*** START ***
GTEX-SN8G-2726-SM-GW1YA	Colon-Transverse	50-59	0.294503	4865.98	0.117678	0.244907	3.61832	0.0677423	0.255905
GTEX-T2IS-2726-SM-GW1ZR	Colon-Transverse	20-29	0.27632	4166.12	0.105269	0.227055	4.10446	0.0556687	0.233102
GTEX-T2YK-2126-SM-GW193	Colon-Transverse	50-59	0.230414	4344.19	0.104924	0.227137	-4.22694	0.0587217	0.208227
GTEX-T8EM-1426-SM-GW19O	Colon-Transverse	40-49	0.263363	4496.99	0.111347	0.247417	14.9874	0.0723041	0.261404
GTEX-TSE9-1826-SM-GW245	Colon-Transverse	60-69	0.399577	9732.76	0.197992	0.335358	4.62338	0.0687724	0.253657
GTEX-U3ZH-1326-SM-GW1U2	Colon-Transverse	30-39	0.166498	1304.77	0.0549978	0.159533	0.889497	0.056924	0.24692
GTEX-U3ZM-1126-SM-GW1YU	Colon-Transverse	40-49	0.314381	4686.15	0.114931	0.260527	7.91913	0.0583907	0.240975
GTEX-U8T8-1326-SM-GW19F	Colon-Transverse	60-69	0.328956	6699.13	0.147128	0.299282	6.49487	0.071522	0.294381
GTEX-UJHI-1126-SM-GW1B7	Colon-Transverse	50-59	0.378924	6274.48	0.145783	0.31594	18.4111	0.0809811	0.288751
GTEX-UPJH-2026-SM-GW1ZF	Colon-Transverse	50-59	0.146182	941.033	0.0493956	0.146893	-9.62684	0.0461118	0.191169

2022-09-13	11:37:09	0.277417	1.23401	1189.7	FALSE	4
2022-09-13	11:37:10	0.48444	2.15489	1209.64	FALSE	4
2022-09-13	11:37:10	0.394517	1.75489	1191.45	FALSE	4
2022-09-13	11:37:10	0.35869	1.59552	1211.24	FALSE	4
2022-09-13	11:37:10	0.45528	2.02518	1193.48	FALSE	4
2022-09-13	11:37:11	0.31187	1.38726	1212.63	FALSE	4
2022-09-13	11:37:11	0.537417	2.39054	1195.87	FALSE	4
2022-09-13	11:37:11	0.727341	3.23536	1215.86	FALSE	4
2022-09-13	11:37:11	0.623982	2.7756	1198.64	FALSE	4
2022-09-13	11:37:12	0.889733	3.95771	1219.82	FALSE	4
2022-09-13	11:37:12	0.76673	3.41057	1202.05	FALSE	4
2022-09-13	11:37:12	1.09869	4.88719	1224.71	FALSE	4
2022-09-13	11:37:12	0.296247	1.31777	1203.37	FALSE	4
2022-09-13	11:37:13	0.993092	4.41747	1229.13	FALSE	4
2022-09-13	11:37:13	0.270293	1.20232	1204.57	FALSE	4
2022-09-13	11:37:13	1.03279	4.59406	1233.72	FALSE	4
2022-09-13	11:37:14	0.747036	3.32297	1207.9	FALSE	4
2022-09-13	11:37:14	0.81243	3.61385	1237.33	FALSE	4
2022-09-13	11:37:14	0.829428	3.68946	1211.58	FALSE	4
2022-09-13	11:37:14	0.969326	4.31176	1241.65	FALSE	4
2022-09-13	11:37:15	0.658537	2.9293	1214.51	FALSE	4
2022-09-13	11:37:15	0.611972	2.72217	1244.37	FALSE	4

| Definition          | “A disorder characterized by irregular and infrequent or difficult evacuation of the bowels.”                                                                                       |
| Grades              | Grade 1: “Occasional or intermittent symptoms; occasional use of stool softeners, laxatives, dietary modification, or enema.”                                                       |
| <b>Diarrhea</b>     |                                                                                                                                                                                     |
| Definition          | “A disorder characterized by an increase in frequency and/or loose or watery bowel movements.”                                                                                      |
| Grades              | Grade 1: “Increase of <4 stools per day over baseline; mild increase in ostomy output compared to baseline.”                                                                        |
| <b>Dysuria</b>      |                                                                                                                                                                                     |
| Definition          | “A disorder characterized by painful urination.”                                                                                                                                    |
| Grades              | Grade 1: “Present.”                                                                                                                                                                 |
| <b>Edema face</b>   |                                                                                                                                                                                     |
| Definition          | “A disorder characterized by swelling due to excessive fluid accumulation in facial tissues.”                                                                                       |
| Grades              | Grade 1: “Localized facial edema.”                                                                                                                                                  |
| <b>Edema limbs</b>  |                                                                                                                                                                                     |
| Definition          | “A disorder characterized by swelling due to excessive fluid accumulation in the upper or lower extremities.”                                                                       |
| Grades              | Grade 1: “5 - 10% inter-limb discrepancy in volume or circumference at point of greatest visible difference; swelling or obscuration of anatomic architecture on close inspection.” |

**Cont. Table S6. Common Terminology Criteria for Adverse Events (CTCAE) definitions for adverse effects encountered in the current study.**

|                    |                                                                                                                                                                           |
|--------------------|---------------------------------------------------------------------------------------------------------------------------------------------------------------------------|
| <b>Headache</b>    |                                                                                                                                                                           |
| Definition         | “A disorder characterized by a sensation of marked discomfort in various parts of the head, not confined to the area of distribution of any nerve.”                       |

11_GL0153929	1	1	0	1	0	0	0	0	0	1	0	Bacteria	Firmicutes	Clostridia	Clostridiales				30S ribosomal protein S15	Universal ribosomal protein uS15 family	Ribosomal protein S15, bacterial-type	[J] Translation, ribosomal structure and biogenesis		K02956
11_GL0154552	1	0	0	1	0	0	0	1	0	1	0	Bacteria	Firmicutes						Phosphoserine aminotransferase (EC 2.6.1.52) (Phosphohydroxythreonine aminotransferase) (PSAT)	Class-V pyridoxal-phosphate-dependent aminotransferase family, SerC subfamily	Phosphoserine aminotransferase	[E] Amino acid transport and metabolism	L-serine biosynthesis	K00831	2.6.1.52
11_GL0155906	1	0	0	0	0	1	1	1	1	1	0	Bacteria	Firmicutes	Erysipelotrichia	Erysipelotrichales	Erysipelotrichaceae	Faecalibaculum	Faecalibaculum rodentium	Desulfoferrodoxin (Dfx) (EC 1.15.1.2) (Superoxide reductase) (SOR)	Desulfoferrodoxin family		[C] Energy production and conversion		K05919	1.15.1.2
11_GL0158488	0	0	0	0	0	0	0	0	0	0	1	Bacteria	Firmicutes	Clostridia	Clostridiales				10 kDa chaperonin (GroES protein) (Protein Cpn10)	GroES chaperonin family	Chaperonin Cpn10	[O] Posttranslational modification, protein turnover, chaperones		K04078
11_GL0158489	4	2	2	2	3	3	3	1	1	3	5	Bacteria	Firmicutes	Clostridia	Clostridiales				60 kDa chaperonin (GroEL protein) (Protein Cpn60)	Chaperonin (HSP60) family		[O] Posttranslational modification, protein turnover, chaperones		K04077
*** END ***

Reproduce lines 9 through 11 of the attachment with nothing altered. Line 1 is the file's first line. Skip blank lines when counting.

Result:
GTEX-UJHI-1126-SM-GW1B7	Colon-Transverse	50-59	0.378924	6274.48	0.145783	0.31594	18.4111	0.0809811	0.288751
GTEX-UPJH-2026-SM-GW1ZF	Colon-Transverse	50-59	0.146182	941.033	0.0493956	0.146893	-9.62684	0.0461118	0.191169

2022-09-13	11:37:09	0.277417	1.23401	1189.7	FALSE	4